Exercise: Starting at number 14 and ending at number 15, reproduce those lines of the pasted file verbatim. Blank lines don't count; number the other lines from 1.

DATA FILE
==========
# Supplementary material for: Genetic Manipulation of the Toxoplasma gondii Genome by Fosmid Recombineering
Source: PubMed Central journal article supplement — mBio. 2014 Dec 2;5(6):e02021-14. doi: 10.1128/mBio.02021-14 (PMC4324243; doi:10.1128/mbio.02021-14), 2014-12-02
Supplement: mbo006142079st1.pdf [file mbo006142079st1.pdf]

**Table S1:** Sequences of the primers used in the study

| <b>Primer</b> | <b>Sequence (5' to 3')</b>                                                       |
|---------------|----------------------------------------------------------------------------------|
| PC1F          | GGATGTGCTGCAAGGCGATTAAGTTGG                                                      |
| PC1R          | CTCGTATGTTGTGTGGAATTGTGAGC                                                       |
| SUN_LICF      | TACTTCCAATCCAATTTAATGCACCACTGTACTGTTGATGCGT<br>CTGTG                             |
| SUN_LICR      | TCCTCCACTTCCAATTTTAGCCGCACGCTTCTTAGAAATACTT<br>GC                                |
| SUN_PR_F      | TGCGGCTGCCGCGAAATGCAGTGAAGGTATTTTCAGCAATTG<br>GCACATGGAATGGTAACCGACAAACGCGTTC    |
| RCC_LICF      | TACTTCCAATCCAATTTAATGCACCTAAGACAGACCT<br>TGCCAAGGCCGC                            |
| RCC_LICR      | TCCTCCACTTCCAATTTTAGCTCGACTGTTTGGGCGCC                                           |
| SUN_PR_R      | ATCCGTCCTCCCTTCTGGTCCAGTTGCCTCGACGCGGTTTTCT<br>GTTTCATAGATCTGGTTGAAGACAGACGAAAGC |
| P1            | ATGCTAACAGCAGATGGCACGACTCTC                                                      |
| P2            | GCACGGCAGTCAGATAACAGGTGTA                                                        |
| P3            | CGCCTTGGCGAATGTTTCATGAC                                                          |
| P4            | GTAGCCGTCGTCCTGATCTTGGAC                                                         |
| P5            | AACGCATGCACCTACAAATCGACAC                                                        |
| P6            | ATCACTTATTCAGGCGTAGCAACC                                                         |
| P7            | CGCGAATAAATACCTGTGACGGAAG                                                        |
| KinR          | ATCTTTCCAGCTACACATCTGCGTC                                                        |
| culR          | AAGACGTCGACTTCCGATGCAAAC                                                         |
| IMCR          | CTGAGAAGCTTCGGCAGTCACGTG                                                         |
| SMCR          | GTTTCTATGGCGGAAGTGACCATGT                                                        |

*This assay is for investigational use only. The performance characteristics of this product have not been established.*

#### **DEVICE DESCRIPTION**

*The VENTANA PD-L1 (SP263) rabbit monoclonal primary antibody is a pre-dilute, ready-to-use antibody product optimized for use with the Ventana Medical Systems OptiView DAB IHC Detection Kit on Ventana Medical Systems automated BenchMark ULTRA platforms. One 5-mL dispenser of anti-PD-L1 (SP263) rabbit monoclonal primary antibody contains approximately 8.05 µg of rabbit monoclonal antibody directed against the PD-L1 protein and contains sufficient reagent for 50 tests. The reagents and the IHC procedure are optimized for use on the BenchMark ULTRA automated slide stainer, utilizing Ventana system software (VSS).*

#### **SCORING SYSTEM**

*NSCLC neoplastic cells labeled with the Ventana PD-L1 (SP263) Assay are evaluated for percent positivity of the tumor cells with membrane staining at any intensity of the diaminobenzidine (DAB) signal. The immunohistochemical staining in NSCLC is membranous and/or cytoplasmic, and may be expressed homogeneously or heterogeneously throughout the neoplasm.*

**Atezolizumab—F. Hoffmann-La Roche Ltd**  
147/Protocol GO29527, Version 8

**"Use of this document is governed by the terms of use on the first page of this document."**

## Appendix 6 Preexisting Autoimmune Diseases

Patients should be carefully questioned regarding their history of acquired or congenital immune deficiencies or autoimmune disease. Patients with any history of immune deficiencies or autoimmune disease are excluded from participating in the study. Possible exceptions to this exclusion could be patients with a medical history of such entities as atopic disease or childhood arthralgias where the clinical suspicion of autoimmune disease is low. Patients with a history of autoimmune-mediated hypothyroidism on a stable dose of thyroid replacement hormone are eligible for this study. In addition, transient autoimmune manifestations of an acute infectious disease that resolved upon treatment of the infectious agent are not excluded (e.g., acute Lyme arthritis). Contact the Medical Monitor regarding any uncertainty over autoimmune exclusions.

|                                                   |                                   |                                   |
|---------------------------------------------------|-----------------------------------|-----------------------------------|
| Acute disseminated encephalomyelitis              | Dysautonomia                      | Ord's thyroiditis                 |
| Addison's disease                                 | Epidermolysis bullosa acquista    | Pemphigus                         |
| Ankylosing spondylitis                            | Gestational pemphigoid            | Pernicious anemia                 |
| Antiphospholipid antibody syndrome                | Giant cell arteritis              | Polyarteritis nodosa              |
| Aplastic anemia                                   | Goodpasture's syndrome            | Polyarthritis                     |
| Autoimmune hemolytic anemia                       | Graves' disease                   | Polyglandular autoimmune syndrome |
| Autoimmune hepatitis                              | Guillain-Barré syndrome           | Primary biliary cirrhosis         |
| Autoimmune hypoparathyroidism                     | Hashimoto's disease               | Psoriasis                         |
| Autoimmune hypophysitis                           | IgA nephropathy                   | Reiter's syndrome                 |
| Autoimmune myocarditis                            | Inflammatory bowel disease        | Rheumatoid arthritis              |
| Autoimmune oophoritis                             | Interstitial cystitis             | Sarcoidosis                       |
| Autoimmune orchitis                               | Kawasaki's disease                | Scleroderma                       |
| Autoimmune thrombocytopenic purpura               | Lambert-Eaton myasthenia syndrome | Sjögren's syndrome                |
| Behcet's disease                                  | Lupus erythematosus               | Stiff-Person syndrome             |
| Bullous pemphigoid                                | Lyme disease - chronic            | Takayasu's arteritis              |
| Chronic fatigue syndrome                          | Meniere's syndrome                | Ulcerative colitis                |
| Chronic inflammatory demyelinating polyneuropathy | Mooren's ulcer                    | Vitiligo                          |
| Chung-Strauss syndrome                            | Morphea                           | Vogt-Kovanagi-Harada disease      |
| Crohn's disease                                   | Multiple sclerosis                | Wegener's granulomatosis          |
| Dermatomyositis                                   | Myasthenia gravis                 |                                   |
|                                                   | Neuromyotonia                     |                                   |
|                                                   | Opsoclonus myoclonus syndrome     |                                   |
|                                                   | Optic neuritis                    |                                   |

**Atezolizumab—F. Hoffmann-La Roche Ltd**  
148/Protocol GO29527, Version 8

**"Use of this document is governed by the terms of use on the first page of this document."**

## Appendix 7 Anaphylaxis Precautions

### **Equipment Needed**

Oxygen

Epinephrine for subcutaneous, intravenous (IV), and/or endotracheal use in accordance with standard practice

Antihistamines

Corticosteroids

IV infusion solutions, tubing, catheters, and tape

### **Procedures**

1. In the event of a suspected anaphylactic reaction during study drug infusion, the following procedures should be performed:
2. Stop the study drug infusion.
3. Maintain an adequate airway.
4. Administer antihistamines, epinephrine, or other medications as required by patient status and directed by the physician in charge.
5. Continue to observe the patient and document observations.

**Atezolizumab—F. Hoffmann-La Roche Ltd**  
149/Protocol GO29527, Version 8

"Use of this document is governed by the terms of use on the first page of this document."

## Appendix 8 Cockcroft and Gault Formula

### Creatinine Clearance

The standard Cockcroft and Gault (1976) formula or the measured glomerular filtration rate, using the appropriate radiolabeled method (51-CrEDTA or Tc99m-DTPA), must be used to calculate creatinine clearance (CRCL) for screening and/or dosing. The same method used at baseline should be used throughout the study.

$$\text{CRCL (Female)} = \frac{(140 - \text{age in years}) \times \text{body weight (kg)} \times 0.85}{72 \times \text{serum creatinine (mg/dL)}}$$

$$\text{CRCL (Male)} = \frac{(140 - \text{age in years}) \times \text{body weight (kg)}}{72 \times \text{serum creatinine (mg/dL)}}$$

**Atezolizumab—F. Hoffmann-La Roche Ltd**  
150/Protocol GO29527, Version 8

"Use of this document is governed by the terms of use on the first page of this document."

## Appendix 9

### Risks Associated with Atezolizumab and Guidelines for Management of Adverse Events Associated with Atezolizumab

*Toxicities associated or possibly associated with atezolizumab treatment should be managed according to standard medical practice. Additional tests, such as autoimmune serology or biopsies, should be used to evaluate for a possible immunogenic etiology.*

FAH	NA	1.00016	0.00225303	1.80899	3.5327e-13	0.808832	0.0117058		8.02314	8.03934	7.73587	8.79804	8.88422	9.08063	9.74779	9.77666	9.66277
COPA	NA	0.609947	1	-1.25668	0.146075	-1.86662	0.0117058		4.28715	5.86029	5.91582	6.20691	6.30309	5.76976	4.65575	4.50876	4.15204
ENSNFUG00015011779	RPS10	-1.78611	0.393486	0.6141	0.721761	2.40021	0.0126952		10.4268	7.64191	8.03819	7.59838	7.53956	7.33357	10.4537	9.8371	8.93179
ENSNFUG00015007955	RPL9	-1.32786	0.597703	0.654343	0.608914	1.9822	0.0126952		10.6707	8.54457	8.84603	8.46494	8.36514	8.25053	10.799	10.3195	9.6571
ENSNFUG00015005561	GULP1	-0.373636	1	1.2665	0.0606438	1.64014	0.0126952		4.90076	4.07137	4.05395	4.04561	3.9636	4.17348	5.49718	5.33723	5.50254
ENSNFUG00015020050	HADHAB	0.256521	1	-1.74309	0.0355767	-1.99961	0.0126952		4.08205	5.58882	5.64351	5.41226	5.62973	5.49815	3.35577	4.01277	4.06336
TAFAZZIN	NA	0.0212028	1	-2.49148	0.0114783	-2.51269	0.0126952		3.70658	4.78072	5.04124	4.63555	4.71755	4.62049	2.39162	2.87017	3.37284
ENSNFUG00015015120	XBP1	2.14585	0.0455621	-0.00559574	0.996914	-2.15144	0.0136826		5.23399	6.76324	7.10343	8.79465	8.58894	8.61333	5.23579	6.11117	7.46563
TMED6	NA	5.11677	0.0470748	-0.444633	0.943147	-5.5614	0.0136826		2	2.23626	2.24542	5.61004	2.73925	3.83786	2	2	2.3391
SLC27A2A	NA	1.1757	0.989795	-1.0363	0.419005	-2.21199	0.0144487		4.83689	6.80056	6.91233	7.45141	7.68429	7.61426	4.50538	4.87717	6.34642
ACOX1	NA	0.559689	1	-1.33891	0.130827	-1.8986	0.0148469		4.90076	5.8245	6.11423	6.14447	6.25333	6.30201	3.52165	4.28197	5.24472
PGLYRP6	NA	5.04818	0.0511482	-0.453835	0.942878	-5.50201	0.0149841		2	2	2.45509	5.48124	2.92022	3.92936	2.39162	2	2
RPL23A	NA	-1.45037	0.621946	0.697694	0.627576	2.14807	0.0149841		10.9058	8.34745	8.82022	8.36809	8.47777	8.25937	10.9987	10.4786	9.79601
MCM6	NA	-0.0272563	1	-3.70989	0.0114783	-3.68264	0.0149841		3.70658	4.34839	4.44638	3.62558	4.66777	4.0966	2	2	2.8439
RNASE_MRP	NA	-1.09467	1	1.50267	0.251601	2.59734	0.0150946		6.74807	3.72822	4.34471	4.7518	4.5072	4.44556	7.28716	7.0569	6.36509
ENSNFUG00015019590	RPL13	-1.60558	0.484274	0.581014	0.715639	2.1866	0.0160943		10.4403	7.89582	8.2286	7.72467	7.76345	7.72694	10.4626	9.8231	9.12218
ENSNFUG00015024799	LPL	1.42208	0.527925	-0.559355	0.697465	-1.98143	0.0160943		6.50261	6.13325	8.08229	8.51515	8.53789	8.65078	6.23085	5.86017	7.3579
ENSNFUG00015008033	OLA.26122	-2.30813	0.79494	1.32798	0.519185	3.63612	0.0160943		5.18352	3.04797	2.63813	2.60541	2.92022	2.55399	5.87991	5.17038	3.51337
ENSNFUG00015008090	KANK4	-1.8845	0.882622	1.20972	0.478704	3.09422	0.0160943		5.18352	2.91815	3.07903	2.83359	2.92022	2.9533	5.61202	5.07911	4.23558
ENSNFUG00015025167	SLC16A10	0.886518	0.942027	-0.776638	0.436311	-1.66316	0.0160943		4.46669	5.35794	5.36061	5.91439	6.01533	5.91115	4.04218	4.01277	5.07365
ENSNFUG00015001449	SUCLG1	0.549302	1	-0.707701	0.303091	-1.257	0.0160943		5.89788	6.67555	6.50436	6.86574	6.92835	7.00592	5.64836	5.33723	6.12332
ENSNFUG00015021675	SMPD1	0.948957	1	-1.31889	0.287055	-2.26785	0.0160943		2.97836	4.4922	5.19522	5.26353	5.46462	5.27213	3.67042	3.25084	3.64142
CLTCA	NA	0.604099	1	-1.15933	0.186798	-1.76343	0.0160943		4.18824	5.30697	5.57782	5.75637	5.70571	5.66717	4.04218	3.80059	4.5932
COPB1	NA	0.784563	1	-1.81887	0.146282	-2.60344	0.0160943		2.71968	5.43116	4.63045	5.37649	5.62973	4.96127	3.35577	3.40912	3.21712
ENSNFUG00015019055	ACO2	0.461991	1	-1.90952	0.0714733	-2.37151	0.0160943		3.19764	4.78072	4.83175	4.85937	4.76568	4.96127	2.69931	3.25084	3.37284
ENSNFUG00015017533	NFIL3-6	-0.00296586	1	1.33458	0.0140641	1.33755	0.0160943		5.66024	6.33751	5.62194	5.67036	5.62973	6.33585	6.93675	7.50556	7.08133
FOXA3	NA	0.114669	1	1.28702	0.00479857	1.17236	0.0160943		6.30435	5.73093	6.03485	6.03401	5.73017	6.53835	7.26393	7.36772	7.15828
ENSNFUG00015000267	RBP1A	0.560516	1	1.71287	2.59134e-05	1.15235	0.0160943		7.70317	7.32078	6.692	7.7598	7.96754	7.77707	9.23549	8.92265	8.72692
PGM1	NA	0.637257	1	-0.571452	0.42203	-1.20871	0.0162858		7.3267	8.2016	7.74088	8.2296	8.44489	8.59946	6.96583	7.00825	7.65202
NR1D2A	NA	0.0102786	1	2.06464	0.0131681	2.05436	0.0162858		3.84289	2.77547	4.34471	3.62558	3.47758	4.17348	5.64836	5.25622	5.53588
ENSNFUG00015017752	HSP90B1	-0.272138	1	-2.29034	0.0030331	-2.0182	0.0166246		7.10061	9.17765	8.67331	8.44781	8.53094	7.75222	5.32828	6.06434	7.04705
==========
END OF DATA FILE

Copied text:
| SUN_PR_R      | ATCCGTCCTCCCTTCTGGTCCAGTTGCCTCGACGCGGTTTTCT<br>GTTTCATAGATCTGGTTGAAGACAGACGAAAGC |
| P1            | ATGCTAACAGCAGATGGCACGACTCTC                                                      |